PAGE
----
I do not expect management to approve a never ending process. Instead, I begin with justifying the value of a short, exploratory project. The project provides an assessment of the state of the business as it relates to readiness.  A ‘baby steps’ approach to engender support often is more successful. If the assessment proves there is no need then the activity ends. If, on the other hand, the assessment points out opportunities for improvement, then I begin the task of getting a champion on board before proceeding with a more broad planning process.

I incorporate the budget information along with other critical process elements into the plan in phases including:

  • achievable milestones with discrete deliverables
  • results-based outcomes, i.e. life-saving,  financial and brand impact

An argument can be made to offset the upfront  and ongoing planning costs with the value of these results. For example, calculate total losses per day for various degrees of recovery capability- “Senior managers understand more clearly when you can demonstrate how much risk they are taking” (5) and show what the return on investment is to avoid, mitigate or recover from that risk.


With this approach, the champion and/or decision-maker(s) is able to consider and approve portions of the plan perhaps on a fiscal year basis. Each year or after particular milestones, there can be a re-evaluation step, which includes budgetary considerations. Hopefully, the value of the results to date helps ensure an ongoing repeatable BC process.


(1) Cobb, Steven.2009. “ Weekly Instructor Commentary for Week Two”, Norwich University MSBC

(2) Burtles, Jim. 2007.  “Principles and Practice of Business Continuity: Tools and Techniques“, Rothstein Associates.

(3) Graham, Julia and Kaye, David. 2006. “A Risk Management Approach to Business Continuity: Aligning Business Continuity with Corporate Governance”, pg 71-72.

(4) Balaouras, Stephanie. “The State of BC/DR Preparedness“. Disaster Recovery Journal. Winter 2008. pgs.15-22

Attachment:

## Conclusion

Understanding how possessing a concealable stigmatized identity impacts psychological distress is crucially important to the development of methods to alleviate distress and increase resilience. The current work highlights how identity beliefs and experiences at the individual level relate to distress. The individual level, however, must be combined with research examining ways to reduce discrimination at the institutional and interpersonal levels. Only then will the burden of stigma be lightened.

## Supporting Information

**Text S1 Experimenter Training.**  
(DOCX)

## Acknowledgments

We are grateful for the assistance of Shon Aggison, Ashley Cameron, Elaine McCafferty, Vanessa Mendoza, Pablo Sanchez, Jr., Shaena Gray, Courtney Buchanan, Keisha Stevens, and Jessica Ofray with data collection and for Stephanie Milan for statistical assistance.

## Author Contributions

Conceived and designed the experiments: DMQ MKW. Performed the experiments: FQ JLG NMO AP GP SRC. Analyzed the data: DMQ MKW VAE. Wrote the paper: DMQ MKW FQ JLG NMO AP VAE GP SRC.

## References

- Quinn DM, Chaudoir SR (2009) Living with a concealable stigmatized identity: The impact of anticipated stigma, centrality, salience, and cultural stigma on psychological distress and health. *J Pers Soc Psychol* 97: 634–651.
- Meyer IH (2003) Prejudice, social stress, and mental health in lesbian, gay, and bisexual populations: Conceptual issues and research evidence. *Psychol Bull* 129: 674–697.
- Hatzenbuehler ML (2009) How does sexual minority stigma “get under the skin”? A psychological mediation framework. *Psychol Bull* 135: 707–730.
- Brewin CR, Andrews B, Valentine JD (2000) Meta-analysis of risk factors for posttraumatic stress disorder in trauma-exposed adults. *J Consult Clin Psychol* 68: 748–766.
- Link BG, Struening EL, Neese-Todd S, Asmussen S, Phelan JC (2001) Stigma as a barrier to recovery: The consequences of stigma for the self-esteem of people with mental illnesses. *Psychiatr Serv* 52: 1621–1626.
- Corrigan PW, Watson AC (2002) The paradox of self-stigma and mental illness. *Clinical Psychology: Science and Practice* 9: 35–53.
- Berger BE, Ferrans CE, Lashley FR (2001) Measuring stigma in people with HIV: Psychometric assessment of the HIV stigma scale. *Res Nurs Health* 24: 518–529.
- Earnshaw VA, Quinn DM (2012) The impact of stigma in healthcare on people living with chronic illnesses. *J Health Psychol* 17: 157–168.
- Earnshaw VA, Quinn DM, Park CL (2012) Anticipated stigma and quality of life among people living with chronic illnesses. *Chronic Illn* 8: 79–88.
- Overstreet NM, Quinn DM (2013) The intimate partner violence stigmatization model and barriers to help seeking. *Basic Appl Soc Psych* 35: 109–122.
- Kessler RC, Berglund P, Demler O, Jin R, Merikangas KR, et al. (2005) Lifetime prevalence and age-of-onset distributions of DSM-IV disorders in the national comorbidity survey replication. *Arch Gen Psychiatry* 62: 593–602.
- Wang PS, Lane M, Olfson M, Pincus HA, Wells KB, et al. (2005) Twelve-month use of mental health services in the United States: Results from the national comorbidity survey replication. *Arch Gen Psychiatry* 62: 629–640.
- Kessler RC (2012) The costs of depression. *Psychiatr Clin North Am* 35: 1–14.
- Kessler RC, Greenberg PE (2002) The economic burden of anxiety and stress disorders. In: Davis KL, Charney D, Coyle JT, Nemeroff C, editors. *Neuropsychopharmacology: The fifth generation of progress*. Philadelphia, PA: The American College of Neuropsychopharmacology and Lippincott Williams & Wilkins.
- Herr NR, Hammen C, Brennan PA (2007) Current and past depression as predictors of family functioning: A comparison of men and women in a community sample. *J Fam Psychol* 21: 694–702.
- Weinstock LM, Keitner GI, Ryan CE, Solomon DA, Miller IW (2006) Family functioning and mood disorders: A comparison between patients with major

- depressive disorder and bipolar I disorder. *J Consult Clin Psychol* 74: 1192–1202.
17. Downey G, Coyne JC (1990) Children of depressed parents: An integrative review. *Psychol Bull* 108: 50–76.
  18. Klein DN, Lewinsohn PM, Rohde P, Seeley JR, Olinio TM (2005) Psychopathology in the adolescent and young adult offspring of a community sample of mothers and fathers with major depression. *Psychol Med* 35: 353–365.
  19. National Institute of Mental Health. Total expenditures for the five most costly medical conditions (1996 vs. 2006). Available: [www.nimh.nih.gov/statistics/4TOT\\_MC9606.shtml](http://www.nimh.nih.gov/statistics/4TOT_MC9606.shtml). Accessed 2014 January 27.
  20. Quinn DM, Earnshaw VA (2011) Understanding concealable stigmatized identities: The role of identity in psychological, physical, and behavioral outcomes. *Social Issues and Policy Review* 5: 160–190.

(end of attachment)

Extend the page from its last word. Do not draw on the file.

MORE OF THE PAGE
(5) CIO Online Magazine. 2009. “IT Drilldown: Security” retrieved 9-13-09 from


System Restored, All is Well, – NOT!

Once the technician or data center staff restores our system all is well – or is it? What are your experiences?

Our troubles continue well after power is restored, the logon screen returns, or the databases are re-synched,  I think. You’ve certainly experience this, right?

I support the position that for all situations there is a residual time subsequent to the disaster and start of recovery in which a system is not at 100%. Recovery from a crisis of any significant magnitude is always a challenge. There would be a finite backlog trap(1) even if, in some cases, resumption is easy and swift. [There is a mathematical way to calculate the non-zero nature of ‘the trap’ in all situations which we’ll leave for another discussion.]  Since “…existing backlog, or response time, starts to grow immediately…” (1) from the inception of the system insult, there would need to be an appropriate protective strategy in place to account for optimal recovery. If, as Burtles (1) states, the backlog is at least five times the downtime, it seems impossible to have a situation where there is zero or negligible time when ‘all our troubles are over’.

Entire businesses offer products and services that provide solutions which prevent data loss, minimize, or shield through fault-tolerance (2), the impact to end-users, and/or accelerate recovery from disasters. A few include IBM, Sun Microsystems, Fujitsu, Hitachi, EMC and others. I’ve worked for some of these companies as a reliability and quality assurance engineer. Large scale systems required significantly complex mathematical models for the precise purpose of calculating failure modes and effects criticality analysis-FMECA (3). Based on my experience, our troubles do continue for some period of time even past when computer systems are up and running, data is restored to a proper restore point, and users (customers) are continuing with their work as before the data crisis occurred.